The Umbrellas of Cherbourg


Drama / Romance

IMDb Rating 7.8 10 21


Downloaded times
May 11, 2020



Catherine Deneuve as Fabienne Dangeville
720p.BLU 1080p.BLU
847.07 MB
French 2.0
23.976 fps
91 min
P/S N/A / N/A
1.7 GB
French 2.0
23.976 fps
91 min
P/S N/A / N/A

Movie Reviews

Reviewed by thedavidovitch 10 / 10 / 10

It makes my heart ache just to think about it...

Some things are so wonderful you can't quite believe they exist. A technicolour heaven with a young Catherine Deneuve at her most beguiling and beautiful in a film that's entirely sung in the most exquisite way? Pinch me, I still can't get over the fact this film exists. Everyone has a film they return to when they're feeling jaded, sick of Hollywood or simply because it's raining outside. I have two films I turn to at these times. One is Singin' in the Rain; the other is this little gem. Both transport me to a world of colour, joy and heartache, yet both stay just the right side of sentimental too. Of course the plot is a little convoluted; of course the entirely sung script makes it a little jarring at first - but just sit back and let Les Parapluies do its magic. You won't regret it. I promise ;-)

Reviewed by bbrow07 10 / 10 / 10

Toto, I've a feeling we're not in Kansas anymore.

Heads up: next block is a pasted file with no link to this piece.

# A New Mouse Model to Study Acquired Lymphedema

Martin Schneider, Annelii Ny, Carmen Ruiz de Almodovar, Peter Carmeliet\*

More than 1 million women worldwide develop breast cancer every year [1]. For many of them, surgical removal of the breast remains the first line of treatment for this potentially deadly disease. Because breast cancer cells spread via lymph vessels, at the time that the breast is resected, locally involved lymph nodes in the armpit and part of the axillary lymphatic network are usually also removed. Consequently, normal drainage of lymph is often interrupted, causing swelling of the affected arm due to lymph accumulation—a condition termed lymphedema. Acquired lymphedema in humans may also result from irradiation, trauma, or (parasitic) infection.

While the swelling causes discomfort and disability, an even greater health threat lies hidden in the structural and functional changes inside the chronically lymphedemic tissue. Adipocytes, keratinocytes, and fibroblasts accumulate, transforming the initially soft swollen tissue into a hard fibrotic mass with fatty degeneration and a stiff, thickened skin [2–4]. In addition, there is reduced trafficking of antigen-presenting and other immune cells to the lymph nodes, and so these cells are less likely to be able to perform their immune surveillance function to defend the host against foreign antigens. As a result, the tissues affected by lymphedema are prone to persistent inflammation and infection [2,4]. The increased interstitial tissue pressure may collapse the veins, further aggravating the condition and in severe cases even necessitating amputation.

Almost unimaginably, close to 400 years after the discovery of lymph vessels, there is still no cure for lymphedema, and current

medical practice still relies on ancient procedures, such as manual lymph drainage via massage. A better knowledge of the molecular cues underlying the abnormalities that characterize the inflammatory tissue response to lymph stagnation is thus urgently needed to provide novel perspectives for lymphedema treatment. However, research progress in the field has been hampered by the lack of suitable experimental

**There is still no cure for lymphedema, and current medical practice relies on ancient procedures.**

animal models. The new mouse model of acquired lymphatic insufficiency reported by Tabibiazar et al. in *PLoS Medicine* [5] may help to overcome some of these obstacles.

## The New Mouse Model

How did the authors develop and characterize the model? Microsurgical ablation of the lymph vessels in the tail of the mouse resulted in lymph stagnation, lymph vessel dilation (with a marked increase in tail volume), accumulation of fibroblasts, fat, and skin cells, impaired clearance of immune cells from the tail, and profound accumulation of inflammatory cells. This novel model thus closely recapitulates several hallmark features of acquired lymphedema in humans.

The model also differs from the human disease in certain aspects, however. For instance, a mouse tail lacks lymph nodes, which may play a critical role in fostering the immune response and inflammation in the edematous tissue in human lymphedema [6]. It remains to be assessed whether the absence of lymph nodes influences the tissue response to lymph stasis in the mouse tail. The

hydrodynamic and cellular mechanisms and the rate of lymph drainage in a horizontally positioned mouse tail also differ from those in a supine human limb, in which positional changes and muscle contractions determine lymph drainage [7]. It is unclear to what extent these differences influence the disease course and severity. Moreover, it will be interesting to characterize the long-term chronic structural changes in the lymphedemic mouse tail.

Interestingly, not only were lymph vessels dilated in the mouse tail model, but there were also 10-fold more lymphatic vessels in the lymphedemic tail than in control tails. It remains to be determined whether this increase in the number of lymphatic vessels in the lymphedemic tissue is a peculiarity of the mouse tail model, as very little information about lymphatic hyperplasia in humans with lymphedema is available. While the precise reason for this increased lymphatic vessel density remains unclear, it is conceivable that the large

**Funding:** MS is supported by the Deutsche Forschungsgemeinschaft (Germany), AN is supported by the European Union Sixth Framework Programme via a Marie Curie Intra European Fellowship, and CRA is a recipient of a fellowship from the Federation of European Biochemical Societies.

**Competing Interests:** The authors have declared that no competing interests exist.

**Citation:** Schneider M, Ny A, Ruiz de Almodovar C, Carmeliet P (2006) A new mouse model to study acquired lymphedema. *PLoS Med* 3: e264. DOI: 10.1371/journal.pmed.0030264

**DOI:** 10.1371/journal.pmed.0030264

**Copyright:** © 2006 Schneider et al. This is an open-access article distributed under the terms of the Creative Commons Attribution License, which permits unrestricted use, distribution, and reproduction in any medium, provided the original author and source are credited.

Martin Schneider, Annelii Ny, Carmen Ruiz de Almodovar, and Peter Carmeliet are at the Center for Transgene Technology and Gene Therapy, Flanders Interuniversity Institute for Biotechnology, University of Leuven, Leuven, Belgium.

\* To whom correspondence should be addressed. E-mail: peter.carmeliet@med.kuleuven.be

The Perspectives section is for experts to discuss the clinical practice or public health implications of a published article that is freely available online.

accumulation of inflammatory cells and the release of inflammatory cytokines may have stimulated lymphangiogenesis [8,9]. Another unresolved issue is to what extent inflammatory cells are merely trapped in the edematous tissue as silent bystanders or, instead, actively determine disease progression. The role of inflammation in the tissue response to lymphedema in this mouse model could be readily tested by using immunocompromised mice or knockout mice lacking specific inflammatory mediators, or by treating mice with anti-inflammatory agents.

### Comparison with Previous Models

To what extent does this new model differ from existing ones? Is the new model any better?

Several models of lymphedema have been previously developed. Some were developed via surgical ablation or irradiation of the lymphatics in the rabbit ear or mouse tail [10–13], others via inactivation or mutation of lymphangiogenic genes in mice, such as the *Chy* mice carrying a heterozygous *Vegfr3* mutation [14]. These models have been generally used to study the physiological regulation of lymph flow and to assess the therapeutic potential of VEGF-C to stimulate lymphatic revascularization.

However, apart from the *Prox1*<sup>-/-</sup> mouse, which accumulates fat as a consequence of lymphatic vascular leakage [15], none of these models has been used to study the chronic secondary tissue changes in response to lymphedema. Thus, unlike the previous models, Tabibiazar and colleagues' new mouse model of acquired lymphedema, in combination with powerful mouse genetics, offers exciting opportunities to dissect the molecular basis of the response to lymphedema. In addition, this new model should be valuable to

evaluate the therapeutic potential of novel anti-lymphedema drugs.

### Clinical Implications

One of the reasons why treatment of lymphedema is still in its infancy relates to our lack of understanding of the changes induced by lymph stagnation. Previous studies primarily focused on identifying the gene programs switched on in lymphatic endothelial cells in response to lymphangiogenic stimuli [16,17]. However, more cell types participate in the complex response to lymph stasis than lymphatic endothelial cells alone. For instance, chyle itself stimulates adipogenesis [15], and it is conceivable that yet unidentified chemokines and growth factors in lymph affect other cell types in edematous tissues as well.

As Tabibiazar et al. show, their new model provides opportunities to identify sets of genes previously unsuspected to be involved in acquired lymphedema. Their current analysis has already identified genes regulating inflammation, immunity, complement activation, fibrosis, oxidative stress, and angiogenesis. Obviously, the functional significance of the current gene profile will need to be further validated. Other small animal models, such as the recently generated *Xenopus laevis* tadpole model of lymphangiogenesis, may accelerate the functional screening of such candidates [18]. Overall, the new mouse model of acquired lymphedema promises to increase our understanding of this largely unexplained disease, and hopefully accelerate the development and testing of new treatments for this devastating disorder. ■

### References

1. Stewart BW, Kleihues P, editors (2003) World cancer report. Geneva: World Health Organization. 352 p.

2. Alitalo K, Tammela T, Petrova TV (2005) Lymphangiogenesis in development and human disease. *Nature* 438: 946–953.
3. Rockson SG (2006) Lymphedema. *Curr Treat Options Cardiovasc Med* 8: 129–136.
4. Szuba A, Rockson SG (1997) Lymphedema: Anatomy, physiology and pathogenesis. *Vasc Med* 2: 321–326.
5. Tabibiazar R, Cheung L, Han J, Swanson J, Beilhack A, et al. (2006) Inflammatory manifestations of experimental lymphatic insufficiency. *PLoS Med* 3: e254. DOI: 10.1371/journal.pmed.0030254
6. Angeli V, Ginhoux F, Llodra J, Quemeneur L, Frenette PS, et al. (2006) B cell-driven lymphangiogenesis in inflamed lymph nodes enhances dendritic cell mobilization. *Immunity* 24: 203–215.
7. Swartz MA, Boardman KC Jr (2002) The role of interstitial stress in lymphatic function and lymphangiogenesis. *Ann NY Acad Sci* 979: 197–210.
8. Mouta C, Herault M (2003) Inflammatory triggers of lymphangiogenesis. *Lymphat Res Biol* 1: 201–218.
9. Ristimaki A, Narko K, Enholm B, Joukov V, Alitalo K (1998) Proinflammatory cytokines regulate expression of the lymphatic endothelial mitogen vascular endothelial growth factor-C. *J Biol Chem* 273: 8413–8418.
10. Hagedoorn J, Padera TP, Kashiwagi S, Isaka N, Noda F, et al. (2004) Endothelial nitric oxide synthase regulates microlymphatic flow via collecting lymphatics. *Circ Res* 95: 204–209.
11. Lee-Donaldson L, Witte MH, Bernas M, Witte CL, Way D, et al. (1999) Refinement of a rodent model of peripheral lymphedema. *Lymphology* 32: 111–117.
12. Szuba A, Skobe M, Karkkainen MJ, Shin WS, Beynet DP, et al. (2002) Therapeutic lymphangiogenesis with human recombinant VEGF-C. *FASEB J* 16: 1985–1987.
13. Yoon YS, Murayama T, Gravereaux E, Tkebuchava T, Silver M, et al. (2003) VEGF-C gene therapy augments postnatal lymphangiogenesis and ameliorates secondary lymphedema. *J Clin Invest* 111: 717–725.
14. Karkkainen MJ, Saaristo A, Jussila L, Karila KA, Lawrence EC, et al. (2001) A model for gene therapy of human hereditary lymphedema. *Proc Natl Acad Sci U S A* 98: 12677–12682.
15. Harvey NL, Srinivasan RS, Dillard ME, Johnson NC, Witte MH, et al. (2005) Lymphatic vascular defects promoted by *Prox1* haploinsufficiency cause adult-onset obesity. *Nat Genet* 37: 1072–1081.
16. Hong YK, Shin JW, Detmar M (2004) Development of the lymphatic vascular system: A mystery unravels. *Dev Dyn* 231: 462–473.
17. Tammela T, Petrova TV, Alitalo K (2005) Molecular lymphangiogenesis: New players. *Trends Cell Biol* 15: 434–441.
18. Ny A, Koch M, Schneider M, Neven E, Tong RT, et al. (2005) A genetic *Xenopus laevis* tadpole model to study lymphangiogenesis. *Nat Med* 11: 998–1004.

A glorious film just a few things to add to what everyone else has said [NB SPOILERS towards the bottom of the page - not that the plot is exactly a suspense] It's a "realistic" story on the face of it. The whole thing is reminiscent of the "verismo" Italian operas from the end of the 19th century, like Cavalleria Rusticana, where soap-opera plots about ordinary people are set to emotionally stunning over-the-top drama-queen music - inherently a democratic kind of style, saying that shopworkers and little old ladies have as much right to passion and glory as kings or gangsters or movie stars. Yes, the singing is silly. But the film knows this - in the very first scene the men in the washroom joke about "Carmen" (another example of the same style) and one of them sings something like "I'm going to see a film, I don't like Opera, I can't stand all the singing". Its a film that *knows* mechanics don't (usually) sing arias while they check the oil, and makes a joke about it. Buffy fans will have got the same point from "Once more with feeling" - the Fundamental Problem of the Musical is: "why is everybody singing?" But there is something unrealistic about it, the beauty. Everyone and everything is good-looking. The people are beautiful. The dirty old town is beautiful. Cheap bars are beautiful. Squalid damp flats are beautiful. Abandoned hulk ships are beautiful. A garage forecourt with petrol pumps and a canopy is beautiful. All the men are good-looking. And as for the women - someone asked why more men than women like this weepy film. The obvious answer is Catherine Deneuve. But Anne Vernon playing her mother is cuter than anyone her age has a right to be. And as for Ellen Farner... Guy has not one but two stupendously attractive women after him, which is about 1.99 more than the average member of the audience. The costumes match the background far too often for it to be anything but deliberate. At first its even more confusing than the singing. Madame Emery dresses differently to match the wallpaper of the shop and her flat, sometimes her clothes even seem to change colour for no reason other than to match the scenery. Genevieve stands in front of a window while a truck that's exactly the same shade as her cardigan pulls up behind her. When she tries on her maternity dress it has the same combination of royal blue background and pink flowers as the wallpaper behind her. When she walks past the docks with Roland they are both wearing different shades of off-white - hers matches the rusting paint on the old ships, his matches the cliffs visible in the distance. When Guy and Madeleine sit next to each other outside the cafe her orange-brown clothes and even her lipstick match the door behind her while his dark brown jacket matches not only the wood behind him but also her hair - exactly the same trick we've seen when he was sitting next to the prostitute Jenny with her red dress on front of the red screen inside the other bar. We are in fantasy land here, even if it looks a little like Cherbourg. but this is all the same as the singing. To ask "how does a poor family afford such clothes?" or "why is the delivery van exactly that shade of yellow?" is to miss the point as much as to ask "why does a shopkeeper sing to his customers?" or "why does it always rain when we say goodbye?". In this movie, in this fantasy land, the world is turned upside down, the meek can inherit the earth (or at least look as if they might), small-town Cherbourg is as romantic as Paris, sailors and truck-drivers sing while they work, the poor wear clothes that money can't buy, the scenery changes colour to match your wardrobe, every man looks like a leading man, and every shop-girl truly is as beautiful as any duchess. This is "Singing in the Rain" set in the backroom of a shop instead of the back lot of a Hollywood studio, this is "West Side Story" without the violence, this is a small-town "Moulin Rouge", this is "Brief Encounter" on acid. It's not a tragic ending, any more than the endings of Casablanca or Brief Encounter are tragic. It's the right ending. We're not so much sad for Genevieve - even though we are crying - as we are happy for Roland (who deserves a break. Even though we know he's probably a crook) If we are crying its because Guy needs to hug Francoise. We expect that the marriages will work out in the end - maybe they have worked out already. If these people are not going to be happy its not because they married the wrong partners. and what other film has had hundreds of thousands of viewers in floods of tears watching an aerial shot of an Esso service station?